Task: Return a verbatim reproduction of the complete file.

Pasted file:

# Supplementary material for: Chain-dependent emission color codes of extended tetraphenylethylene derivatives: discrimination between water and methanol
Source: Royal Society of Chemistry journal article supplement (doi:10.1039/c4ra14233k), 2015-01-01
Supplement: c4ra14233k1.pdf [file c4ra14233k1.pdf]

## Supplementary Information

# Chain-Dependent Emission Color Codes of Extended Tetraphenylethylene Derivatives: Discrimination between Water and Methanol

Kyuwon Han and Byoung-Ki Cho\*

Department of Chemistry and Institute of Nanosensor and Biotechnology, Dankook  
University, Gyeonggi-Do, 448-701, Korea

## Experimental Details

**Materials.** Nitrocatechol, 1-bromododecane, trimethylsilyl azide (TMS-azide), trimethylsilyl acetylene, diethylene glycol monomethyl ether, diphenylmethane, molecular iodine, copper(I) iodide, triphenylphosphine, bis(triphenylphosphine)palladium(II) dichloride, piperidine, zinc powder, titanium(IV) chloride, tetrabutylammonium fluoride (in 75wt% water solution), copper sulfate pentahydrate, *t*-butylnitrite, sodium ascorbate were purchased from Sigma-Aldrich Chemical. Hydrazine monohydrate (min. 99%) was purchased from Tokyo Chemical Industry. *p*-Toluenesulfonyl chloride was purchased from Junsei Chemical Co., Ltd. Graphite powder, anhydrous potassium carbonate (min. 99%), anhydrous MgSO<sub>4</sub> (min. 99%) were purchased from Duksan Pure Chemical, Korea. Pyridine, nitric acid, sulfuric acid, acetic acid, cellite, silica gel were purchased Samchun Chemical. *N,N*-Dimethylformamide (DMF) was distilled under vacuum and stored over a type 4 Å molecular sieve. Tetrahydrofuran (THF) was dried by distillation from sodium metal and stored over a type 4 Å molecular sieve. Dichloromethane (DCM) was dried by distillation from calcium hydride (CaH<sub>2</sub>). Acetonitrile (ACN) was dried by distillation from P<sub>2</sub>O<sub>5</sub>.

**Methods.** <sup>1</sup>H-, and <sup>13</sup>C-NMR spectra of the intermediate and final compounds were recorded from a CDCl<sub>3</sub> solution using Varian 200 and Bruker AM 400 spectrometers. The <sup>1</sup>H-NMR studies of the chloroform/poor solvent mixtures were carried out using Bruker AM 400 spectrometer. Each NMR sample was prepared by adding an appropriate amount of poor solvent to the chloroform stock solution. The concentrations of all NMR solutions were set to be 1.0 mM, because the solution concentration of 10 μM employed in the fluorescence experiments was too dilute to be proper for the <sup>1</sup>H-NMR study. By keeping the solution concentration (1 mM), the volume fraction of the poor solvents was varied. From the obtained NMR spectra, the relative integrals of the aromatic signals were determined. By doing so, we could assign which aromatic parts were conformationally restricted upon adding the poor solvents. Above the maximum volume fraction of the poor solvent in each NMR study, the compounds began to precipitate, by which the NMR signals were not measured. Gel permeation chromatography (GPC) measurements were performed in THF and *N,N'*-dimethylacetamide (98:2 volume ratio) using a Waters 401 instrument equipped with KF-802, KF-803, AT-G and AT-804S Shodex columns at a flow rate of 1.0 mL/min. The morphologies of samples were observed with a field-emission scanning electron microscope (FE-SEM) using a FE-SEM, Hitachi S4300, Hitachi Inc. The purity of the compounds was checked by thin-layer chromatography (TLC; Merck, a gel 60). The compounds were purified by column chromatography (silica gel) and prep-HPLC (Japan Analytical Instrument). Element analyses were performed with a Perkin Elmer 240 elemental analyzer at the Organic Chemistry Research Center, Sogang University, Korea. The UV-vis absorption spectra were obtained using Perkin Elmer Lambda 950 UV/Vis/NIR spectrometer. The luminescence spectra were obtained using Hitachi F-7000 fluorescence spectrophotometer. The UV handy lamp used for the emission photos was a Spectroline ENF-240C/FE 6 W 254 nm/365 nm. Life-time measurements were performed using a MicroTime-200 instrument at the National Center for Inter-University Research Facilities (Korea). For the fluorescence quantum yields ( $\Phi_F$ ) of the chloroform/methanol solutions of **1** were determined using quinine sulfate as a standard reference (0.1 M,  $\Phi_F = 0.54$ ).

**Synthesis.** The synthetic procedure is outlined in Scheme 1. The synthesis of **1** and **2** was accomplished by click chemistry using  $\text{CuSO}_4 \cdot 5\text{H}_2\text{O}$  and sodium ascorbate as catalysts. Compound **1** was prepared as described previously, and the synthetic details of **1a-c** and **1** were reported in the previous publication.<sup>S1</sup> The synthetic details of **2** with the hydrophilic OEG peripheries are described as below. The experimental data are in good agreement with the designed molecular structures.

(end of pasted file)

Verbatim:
# Supplementary material for: Chain-dependent emission color codes of extended tetraphenylethylene derivatives: discrimination between water and methanol
Source: Royal Society of Chemistry journal article supplement (doi:10.1039/c4ra14233k), 2015-01-01
Supplement: c4ra14233k1.pdf [file c4ra14233k1.pdf]

## Supplementary Information

# Chain-Dependent Emission Color Codes of Extended Tetraphenylethylene Derivatives: Discrimination between Water and Methanol

Kyuwon Han and Byoung-Ki Cho\*

Department of Chemistry and Institute of Nanosensor and Biotechnology, Dankook  
University, Gyeonggi-Do, 448-701, Korea

## Experimental Details

**Materials.** Nitrocatechol, 1-bromododecane, trimethylsilyl azide (TMS-azide), trimethylsilyl acetylene, diethylene glycol monomethyl ether, diphenylmethane, molecular iodine, copper(I) iodide, triphenylphosphine, bis(triphenylphosphine)palladium(II) dichloride, piperidine, zinc powder, titanium(IV) chloride, tetrabutylammonium fluoride (in 75wt% water solution), copper sulfate pentahydrate, *t*-butylnitrite, sodium ascorbate were purchased from Sigma-Aldrich Chemical. Hydrazine monohydrate (min. 99%) was purchased from Tokyo Chemical Industry. *p*-Toluenesulfonyl chloride was purchased from Junsei Chemical Co., Ltd. Graphite powder, anhydrous potassium carbonate (min. 99%), anhydrous MgSO<sub>4</sub> (min. 99%) were purchased from Duksan Pure Chemical, Korea. Pyridine, nitric acid, sulfuric acid, acetic acid, cellite, silica gel were purchased Samchun Chemical. *N,N*-Dimethylformamide (DMF) was distilled under vacuum and stored over a type 4 Å molecular sieve. Tetrahydrofuran (THF) was dried by distillation from sodium metal and stored over a type 4 Å molecular sieve. Dichloromethane (DCM) was dried by distillation from calcium hydride (CaH<sub>2</sub>). Acetonitrile (ACN) was dried by distillation from P<sub>2</sub>O<sub>5</sub>.

**Methods.** <sup>1</sup>H-, and <sup>13</sup>C-NMR spectra of the intermediate and final compounds were recorded from a CDCl<sub>3</sub> solution using Varian 200 and Bruker AM 400 spectrometers. The <sup>1</sup>H-NMR studies of the chloroform/poor solvent mixtures were carried out using Bruker AM 400 spectrometer. Each NMR sample was prepared by adding an appropriate amount of poor solvent to the chloroform stock solution. The concentrations of all NMR solutions were set to be 1.0 mM, because the solution concentration of 10 μM employed in the fluorescence experiments was too dilute to be proper for the <sup>1</sup>H-NMR study. By keeping the solution concentration (1 mM), the volume fraction of the poor solvents was varied. From the obtained NMR spectra, the relative integrals of the aromatic signals were determined. By doing so, we could assign which aromatic parts were conformationally restricted upon adding the poor solvents. Above the maximum volume fraction of the poor solvent in each NMR study, the compounds began to precipitate, by which the NMR signals were not measured. Gel permeation chromatography (GPC) measurements were performed in THF and *N,N'*-dimethylacetamide (98:2 volume ratio) using a Waters 401 instrument equipped with KF-802, KF-803, AT-G and AT-804S Shodex columns at a flow rate of 1.0 mL/min. The morphologies of samples were observed with a field-emission scanning electron microscope (FE-SEM) using a FE-SEM, Hitachi S4300, Hitachi Inc. The purity of the compounds was checked by thin-layer chromatography (TLC; Merck, a gel 60). The compounds were purified by column chromatography (silica gel) and prep-HPLC (Japan Analytical Instrument). Element analyses were performed with a Perkin Elmer 240 elemental analyzer at the Organic Chemistry Research Center, Sogang University, Korea. The UV-vis absorption spectra were obtained using Perkin Elmer Lambda 950 UV/Vis/NIR spectrometer. The luminescence spectra were obtained using Hitachi F-7000 fluorescence spectrophotometer. The UV handy lamp used for the emission photos was a Spectroline ENF-240C/FE 6 W 254 nm/365 nm. Life-time measurements were performed using a MicroTime-200 instrument at the National Center for Inter-University Research Facilities (Korea). For the fluorescence quantum yields ( $\Phi_F$ ) of the chloroform/methanol solutions of **1** were determined using quinine sulfate as a standard reference (0.1 M,  $\Phi_F = 0.54$ ).

**Synthesis.** The synthetic procedure is outlined in Scheme 1. The synthesis of **1** and **2** was accomplished by click chemistry using  $\text{CuSO}_4 \cdot 5\text{H}_2\text{O}$  and sodium ascorbate as catalysts. Compound **1** was prepared as described previously, and the synthetic details of **1a-c** and **1** were reported in the previous publication.<sup>S1</sup> The synthetic details of **2** with the hydrophilic OEG peripheries are described as below. The experimental data are in good agreement with the designed molecular structures.